Henry de Vere Stacpoole

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    Henry de Vere Stacpoole quote. The moon rose up that evening and shot her silver arrows at the house under the artu tree. The house was empty. Then the moon came across the sea and across the reef. She lit the lagoon to it's dark, dim heart. She lit the coral brains and sand spaces, and the fish casting their shadows on the sand and the coral. The keeper of the lagoon rose to greet her, and the fin of him broke her reflection on the mirror-like surface into a thousand glittering ripples. She saw the white staring ribs of the form on the reef. Then, peeping over the trees, she looked down into the valley, where the great stone idol had kept it's solitary vigil for five thousand years, perhaps, and more.At this base, in his shadow, looking as if under his protection, lay two human beings, naked, clasped in each other's arms and fast asleep. One could scarcely pity his vigil, had it been marked sometimes through the years by such an incident as this. The thing had been conducted just as the birds conduct their love affairs. An affair absolutely natural, absolutely blameless and without sin. A marriage according to Nature, without feasts or guests, consummated with accidental cynicism under the shadow of a religion a thousand years dead

    The moon rose up that evening and shot her silver arrows at the house under the artu tree. The house was empty. Then the moon came across the sea and across the reef. She lit the lagoon to it's dark, dim heart. She lit the coral brains and sand spaces, and the fish casting their shadows on the sand and the coral. The keeper of the lagoon rose to greet her, and the fin of him broke her reflection on the mirror-like surface into a thousand glittering ripples. She saw the white staring ribs of the form on the reef. Then, peeping over the trees, she looked down into the valley, where the great stone idol had kept it's solitary vigil for five thousand years, perhaps, and more.At this base, in his shadow, looking as if under his protection, lay two human beings, naked, clasped in each other's arms and fast asleep. One could scarcely pity his vigil, had it been marked sometimes through the years by such an incident as this. The thing had been conducted just as the birds conduct their love affairs. An affair absolutely natural, absolutely blameless and without sin. A marriage according to Nature, without feasts or guests, consummated with accidental cynicism under the shadow of a religion a thousand years dead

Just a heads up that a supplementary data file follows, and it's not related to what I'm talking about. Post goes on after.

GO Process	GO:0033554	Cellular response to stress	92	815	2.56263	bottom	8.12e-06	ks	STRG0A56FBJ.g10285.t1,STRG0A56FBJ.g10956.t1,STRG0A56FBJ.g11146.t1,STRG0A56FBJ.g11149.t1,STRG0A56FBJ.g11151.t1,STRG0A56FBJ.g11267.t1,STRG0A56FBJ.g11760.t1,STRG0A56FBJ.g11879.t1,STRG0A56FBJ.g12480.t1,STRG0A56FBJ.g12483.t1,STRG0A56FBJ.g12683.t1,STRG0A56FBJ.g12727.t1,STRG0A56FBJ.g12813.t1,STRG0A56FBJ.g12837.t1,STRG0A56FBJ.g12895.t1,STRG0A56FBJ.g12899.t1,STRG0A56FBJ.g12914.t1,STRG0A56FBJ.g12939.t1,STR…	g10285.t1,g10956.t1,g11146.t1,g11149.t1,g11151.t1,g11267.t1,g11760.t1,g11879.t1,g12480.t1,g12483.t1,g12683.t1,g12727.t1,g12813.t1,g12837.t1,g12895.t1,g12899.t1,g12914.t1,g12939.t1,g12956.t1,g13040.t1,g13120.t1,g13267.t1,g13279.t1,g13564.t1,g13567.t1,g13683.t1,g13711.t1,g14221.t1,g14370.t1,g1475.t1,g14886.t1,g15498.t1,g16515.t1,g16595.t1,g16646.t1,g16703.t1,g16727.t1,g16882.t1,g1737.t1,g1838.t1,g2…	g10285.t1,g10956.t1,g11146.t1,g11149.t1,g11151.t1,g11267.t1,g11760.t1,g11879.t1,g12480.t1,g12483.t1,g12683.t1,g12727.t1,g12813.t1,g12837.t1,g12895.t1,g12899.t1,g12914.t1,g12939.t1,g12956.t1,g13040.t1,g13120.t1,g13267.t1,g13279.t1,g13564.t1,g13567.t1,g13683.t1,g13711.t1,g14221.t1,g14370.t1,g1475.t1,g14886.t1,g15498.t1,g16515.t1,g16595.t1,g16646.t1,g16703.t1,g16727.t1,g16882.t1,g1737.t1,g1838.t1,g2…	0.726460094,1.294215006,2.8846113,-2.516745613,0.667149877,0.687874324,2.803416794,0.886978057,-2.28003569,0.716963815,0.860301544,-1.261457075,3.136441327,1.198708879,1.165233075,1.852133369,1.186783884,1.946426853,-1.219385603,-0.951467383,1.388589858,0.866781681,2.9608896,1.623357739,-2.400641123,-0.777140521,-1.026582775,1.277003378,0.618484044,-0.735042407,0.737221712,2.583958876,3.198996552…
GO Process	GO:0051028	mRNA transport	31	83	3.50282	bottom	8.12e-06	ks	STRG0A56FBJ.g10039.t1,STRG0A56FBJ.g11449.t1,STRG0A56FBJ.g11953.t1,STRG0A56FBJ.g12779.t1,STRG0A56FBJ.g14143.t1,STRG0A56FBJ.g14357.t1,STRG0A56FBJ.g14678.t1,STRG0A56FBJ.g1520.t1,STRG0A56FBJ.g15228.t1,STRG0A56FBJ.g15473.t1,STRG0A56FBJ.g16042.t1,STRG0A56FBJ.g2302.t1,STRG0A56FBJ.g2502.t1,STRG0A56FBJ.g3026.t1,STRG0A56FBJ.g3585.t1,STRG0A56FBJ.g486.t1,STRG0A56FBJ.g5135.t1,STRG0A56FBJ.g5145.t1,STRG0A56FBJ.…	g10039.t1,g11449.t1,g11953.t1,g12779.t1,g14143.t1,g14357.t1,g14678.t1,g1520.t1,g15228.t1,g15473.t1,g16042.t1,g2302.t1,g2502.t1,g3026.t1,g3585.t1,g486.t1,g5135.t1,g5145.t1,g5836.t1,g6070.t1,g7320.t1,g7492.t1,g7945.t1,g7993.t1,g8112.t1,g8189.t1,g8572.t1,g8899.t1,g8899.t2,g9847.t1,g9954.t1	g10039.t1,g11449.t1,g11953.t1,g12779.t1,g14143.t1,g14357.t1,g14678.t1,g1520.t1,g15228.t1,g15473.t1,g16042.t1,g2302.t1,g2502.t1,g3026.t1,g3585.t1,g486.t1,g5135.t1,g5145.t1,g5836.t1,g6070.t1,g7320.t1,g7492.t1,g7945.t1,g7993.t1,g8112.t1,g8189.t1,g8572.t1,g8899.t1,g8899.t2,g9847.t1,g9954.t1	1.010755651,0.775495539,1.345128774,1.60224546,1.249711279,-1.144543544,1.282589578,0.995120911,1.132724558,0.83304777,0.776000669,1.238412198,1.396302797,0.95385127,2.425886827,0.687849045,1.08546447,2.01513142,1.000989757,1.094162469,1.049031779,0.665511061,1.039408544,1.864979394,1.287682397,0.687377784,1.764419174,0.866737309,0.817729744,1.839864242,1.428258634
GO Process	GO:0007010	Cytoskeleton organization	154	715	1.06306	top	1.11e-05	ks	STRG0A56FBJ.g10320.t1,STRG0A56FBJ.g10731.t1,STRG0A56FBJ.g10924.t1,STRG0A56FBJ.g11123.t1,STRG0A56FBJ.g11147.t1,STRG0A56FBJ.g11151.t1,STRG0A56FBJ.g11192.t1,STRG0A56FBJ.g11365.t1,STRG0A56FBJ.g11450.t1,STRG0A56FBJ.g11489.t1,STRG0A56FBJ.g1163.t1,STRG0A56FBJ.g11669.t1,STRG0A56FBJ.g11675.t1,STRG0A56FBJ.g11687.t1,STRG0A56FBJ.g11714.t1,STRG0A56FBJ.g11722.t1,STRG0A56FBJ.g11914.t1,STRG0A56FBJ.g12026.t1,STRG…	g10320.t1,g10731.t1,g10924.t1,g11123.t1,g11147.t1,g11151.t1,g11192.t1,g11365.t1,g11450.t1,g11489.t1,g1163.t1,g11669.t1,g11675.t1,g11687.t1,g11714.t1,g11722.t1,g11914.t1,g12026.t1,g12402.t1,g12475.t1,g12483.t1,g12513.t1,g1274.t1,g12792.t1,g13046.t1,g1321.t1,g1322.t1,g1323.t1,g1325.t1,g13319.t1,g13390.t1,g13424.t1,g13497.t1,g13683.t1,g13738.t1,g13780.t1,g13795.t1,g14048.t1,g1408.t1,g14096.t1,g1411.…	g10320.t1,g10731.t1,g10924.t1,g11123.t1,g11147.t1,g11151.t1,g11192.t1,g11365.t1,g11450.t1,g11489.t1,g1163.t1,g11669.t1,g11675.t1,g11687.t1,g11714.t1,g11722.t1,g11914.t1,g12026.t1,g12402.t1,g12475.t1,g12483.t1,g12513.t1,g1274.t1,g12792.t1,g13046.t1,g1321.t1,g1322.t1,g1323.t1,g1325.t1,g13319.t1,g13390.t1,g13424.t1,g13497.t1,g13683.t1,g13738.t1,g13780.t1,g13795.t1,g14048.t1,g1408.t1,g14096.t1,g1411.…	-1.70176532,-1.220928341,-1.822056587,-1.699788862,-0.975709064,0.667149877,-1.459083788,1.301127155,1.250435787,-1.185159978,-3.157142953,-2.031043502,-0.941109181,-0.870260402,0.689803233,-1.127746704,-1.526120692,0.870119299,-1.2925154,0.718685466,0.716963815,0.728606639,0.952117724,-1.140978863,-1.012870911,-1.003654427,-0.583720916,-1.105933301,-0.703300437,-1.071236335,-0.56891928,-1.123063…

Henry de Vere Stacpoole
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    wordporn: The moon rose up that evening and shot her silver arrows at the house under the artu tree. The house was empty. Then the moon came across the sea and across the reef. She lit the lagoon to its dark, dim h... - Henry de Vere Stacpoole
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    Henry de Vere Stacpoole quote. A great sea fog is not homogenous--its density varies: it is honeycombed with streets, it has its caves of clear air, its cliffs of solid vapour, all shifting and changing place with the subtlety of legerdemain

    A great sea fog is not homogenous--its density varies: it is honeycombed with streets, it has its caves of clear air, its cliffs of solid vapour, all shifting and changing place with the subtlety of legerdemain

    Henry de Vere Stacpoole
    Moms Typewriter
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    wordporn: A great sea fog is not homogenous--its density varies it is honeycombed with streets, it has its caves o... - Henry de Vere Stacpoole
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    Henry de Vere Stacpoole quote. When we have learnt to call storms, storms, and death, death, and birth, birth, when we have mastered the sailor's horn-book and Mr Piddington's law of cyclones, Ellis's anatomy and Lewer's midwifery, we have already made ourself half blind. We have become hypnotized by words and names. We think in words and names, not in ideas; the commonplace has triumphed, the true intellect is half crushed

    When we have learnt to call storms, storms, and death, death, and birth, birth, when we have mastered the sailor's horn-book and Mr Piddington's law of cyclones, Ellis's anatomy and Lewer's midwifery, we have already made ourself half blind. We have become hypnotized by words and names. We think in words and names, not in ideas; the commonplace has triumphed, the true intellect is half crushed

    Henry de Vere Stacpoole
    Moms Typewriter
    A
    A
    wordporn: When we have learnt to call storms, storms, and death, death, and birth, birth, when we have mastered the sailors horn-book and Mr Piddingtons law of cyclones, Elliss anatomy and Lewers midwifery,... - Henry de Vere Stacpoole
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